I decided to make the cream part first so that it could cool and to be sure I was successful since this  is a troublesome sort of recipe for me. I get impatient and end up burning the creamy custard or neglect it so much that it curdles. I put slightly less than 1/2 pint (1 cup) of regular milk in a saucepan and turned the heat to medium. While it started to warm I mixed 1/2 cup of sugar and 1 tablespoon cornstarch together. I beat 1 egg and then added it to the dry ingredients. Once the milk was hot I added this mixture and kept stirring. I added about a tablespoon of butter. I decided to add vanilla as the flavour.

Next I prepared the cake while the cream cooled. This appears to be a sponge cake recipe since there isn’t any butter in it. I mixed the 3 eggs and 1 cup of sugar well and also prepared the dry ingredients separately. I put 1 1/2 cups of flour and 1 1/2 teaspoons of baking powder in a bowl and then added them to the sugar and egg mixture. I alternated flour and 2 tablespoons of cold water. Once It was all mixed together I poured it into a cake pan and baked at 375 for 30 minutes. I removed the cake from the oven when it was firm and golden. I let it cool just a little and then took the cake out of the pan. I cut it across horizontally and piled on the cream. I decided it looked a little bland so I made a plain vanilla butter cream icing and spread it on top of the cake. It was time to slice the cake and taste.

I don’t really have anything new to share about Mrs. Howie of Waterloo. I’ve talked about her several times including when I made her Velvet Sponge Cake on October 1 (day 274).  She’s Mary Ann Gardham and married Scottish born Alexander Howie. His career as an excise officer meant they moved around. They lived in Kingston and Hamilton and finally Waterloo.

Clearly she likes recipes with interesting titles. Not just Sponge Cake like everyone elses but Velvet Sponge Cake. Not just Cream Cake like the other two recipes but French Cream Cake. I have no idea what makes this one French and not the others. This French Cream Cake is good. I think I might have over baked the cake by a few minutes. The edges were a little hard. The cake was quite solid so again I’m wondering if it sank a bit after I opened the oven door to checked it. That’s a hazard with homemade cakes. The cream was quite good although the vanilla flavour made it an unappealing beige colour. Everyone ate their slices of cake and some had another piece so it is certainly edible. I’ll certainly keep the cream part of the recipe handy and I might consider making the cake again.

Mrs. Howie, Waterloo

CAKE.– Three eggs, one cupful white sugar, one and a half cupfuls flour, one and a half teaspoonfuls baking powder in the flour, two tablespoonfuls cold water. Bake in a quick oven.Split the cake while warm and spread with cream.
FOR THE CREAM. — Boil nearly one-half pint of sweet milk, beat one egg with a scant half cupful of sugar and one tablespoonful of corn starch; when the milk is nearly boiled, stir in the remainder, add a small piece of butter, flavor to taste.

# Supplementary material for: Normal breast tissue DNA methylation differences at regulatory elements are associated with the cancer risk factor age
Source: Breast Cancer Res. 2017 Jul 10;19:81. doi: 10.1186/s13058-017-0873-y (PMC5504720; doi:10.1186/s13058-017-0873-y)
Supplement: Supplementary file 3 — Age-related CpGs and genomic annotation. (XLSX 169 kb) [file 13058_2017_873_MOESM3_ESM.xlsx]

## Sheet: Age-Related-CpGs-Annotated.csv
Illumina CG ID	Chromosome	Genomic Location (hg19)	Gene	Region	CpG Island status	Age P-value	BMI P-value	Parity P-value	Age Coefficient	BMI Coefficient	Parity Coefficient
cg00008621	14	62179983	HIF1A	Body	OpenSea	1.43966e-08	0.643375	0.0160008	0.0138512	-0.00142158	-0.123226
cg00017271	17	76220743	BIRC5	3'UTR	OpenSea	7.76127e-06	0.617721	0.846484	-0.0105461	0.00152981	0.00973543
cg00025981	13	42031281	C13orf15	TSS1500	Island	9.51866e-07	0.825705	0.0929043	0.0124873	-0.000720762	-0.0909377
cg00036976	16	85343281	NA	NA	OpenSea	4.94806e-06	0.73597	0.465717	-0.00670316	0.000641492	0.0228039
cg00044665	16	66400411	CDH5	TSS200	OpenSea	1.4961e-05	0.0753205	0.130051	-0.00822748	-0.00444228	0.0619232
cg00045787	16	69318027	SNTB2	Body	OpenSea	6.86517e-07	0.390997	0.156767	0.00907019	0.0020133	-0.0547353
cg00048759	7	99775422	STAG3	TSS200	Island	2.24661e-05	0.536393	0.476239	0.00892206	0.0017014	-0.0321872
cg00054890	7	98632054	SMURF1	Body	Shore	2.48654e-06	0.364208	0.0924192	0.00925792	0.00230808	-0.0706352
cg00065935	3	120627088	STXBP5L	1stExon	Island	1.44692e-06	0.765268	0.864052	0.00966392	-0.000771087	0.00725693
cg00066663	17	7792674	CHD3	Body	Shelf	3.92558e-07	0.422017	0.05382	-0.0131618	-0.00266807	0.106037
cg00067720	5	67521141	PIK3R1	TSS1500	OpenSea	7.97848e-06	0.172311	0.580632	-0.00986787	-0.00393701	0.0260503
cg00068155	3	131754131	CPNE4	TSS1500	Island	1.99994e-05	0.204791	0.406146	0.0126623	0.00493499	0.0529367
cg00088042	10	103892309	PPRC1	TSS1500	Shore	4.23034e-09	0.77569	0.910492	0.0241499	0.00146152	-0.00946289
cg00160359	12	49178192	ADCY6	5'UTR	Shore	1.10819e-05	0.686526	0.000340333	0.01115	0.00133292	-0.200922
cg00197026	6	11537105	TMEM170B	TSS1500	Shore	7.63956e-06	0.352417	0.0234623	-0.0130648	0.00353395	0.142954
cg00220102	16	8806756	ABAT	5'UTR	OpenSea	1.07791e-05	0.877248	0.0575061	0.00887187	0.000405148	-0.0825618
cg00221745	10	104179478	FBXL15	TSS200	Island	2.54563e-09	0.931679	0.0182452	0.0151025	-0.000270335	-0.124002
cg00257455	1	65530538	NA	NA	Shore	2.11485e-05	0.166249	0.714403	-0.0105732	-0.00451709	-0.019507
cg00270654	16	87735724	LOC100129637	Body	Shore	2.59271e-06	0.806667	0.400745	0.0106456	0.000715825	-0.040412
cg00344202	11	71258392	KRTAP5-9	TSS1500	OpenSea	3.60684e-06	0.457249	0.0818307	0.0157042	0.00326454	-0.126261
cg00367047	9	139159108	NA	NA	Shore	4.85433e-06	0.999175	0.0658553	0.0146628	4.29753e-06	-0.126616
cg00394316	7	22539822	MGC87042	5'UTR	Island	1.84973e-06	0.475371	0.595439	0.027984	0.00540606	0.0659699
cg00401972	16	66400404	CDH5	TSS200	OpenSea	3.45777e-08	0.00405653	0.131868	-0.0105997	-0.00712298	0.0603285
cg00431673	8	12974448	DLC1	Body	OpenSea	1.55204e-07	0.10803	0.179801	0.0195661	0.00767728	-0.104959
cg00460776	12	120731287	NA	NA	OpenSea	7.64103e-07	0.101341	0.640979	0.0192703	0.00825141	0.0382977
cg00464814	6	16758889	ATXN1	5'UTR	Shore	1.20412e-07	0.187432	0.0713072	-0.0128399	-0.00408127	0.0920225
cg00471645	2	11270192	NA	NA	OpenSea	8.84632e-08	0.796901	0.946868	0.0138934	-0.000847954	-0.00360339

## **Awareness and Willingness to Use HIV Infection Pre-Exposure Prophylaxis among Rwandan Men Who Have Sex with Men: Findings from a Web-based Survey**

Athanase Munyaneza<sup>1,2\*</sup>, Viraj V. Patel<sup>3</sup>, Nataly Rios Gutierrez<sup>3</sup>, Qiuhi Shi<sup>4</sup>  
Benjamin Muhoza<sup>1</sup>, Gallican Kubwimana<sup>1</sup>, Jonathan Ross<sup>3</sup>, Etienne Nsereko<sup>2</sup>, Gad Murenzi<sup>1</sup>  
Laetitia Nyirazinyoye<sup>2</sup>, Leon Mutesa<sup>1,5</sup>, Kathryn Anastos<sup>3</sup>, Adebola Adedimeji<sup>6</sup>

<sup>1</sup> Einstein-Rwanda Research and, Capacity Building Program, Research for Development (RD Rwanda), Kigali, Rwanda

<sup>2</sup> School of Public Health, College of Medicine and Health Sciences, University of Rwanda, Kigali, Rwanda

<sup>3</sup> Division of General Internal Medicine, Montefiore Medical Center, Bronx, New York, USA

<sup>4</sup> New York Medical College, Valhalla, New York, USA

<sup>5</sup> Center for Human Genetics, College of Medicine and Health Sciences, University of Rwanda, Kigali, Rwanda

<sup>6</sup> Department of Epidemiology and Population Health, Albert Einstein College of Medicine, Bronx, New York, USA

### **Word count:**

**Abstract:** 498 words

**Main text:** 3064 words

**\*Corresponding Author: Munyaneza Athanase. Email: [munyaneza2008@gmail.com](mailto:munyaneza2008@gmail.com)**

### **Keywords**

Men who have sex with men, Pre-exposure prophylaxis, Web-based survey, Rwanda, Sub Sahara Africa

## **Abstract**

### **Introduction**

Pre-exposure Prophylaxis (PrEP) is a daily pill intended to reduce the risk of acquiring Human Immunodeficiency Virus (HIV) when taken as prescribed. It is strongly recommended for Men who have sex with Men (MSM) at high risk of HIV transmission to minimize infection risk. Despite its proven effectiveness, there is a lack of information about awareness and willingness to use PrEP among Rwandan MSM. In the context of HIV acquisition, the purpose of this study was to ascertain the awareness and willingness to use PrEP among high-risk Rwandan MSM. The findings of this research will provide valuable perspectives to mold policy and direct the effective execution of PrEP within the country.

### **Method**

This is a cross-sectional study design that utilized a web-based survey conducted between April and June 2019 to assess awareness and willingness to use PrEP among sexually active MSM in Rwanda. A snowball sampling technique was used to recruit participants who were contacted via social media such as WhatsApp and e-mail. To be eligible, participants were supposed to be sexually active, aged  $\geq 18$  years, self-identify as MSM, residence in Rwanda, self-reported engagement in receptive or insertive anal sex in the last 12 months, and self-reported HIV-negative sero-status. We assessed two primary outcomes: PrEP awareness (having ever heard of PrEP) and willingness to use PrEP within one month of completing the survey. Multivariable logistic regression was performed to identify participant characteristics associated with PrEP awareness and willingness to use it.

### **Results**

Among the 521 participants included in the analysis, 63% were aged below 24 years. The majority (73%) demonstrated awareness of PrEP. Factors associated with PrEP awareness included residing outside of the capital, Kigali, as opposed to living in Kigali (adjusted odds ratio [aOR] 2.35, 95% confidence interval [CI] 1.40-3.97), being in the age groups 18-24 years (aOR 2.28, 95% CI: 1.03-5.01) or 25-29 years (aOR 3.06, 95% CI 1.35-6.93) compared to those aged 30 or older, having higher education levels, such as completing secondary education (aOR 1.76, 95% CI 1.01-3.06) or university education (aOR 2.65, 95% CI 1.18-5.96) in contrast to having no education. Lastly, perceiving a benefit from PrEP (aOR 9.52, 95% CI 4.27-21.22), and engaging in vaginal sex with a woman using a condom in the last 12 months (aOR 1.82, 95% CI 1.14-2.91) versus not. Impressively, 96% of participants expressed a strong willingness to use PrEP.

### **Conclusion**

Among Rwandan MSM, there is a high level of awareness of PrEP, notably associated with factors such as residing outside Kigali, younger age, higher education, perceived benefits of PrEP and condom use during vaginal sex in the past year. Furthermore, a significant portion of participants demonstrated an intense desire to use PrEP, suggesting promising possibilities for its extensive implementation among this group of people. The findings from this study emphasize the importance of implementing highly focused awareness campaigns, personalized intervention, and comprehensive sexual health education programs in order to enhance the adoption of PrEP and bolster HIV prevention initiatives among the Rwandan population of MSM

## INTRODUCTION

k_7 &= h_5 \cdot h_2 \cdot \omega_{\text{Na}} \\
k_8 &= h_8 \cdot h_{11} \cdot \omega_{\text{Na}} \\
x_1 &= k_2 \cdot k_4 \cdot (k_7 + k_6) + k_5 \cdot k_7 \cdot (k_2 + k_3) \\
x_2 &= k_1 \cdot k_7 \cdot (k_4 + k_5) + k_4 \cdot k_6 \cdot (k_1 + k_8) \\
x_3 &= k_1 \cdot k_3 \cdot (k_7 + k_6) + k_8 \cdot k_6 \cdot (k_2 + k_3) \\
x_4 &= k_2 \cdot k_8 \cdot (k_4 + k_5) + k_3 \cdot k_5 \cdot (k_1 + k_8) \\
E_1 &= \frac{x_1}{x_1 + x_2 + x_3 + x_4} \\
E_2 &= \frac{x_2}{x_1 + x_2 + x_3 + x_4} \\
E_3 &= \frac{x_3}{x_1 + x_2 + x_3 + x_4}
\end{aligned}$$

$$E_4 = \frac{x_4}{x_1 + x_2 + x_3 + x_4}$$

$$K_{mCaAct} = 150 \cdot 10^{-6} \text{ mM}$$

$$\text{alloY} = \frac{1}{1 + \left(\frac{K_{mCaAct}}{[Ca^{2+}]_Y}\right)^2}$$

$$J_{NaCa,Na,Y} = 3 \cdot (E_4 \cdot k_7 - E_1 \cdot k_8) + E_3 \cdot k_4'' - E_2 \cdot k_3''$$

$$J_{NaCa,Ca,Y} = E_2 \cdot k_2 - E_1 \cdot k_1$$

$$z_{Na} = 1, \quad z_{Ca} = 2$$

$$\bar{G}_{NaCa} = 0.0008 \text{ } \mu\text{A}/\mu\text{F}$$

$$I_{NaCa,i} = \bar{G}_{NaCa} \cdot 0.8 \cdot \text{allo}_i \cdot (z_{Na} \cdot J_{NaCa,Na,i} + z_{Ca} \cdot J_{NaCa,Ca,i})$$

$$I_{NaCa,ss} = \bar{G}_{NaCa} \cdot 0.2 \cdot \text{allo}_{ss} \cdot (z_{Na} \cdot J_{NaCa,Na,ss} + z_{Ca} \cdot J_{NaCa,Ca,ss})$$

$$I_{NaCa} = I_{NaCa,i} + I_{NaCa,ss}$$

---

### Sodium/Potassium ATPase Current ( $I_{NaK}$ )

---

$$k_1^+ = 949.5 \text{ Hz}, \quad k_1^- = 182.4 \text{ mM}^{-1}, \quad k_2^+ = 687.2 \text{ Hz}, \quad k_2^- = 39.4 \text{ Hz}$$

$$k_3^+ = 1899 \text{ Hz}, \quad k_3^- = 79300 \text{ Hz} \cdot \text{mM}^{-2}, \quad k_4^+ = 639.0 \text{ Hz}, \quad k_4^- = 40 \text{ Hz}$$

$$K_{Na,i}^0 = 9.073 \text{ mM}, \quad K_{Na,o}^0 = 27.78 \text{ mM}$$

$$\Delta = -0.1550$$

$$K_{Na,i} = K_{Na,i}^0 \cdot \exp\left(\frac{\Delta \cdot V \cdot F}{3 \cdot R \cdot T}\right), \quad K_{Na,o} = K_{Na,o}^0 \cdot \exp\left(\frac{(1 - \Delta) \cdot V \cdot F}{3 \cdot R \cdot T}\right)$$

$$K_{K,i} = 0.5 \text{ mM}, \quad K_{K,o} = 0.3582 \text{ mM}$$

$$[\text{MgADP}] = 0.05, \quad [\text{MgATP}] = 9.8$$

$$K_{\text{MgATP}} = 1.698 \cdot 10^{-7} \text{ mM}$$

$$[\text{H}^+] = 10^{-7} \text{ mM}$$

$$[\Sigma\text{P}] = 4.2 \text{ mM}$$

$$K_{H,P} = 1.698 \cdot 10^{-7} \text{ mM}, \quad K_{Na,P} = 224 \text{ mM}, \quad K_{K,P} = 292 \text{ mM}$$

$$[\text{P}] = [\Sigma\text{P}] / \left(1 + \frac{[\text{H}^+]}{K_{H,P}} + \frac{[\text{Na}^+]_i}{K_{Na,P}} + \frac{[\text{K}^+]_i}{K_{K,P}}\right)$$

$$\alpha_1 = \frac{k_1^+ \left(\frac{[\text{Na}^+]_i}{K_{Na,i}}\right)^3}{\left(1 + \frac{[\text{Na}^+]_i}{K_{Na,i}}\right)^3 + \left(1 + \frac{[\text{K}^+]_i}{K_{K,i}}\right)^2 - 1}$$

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Day 274: Velvet Sponge Cake

I’m speaking in Waterloo tomorrow so I thought I’d make Velvet Sponge Cake since the recipe’s contributor Mrs. Howie is from Waterloo. It will be interesting to figure out why her recipe appears in The New Galt Cook Book (1898).

This is one of the recipes in this cook book that doesn’t list the ingredients in the order in which they are used. The first step is to put the 2 cups of white sugar in a bowl and then add 4 eggs. Once this is well mixed I added 2 cups of flour. Again I mixed well and then realized I should have blended the baking powder with the flour. I went ahead and added the 2 teaspoons of baking powder and also some lemon flavour. Once it was mixed I stirred in the 2/3 cup of boiling water.I poured the batter in a greased cake pan and put it in the preheated oven at 350 F. for 40 minutes.

Mary Ann Gardham was born about 1838 in Kingston Ontario. She married Alexander Howie who’d been born in Scotland. His family came to Canada when he was about 11. I don’t know when they married but their first child was born in 1863. They moved around a bit from Hamilton to Kingston and then to Waterloo. Alexander was an excise officer which explains their moves. Three of their five children were still at home when they were recorded in the Waterloo 1891 census. Mary Ann died in 1923 at the age of 86.

I might not know a lot about the life of Mrs. Howie but her velvet sponge cake is quite good. I have mixed feelings about sponge cakes. There’s something about the bouncy texture that seems strange for a cake and since they rely on eggs I sometimes find the flavour of egg overpowering. However, they don’t contain any dairy, an ingredient I should avoid. They don’t keep a long time but they are so light and airy that they make a nice simple dessert. Although this cake has the typical spongy texture the lemon flavour hides the egg. It is incredibly quick and easy to make. I’m going to keep this 19th century recipe on hand in the 21st century.

Mrs. Howie, Waterloo

Two cupfuls white sugar, two cupfuls flour, two-thirds cupful boiling water, four eggs, two teaspoonfuls baking powder, flavor to taste. Beat eggs and sugar together, then add flour, and lastly the hot water just as it is ready for the oven; this is excellent.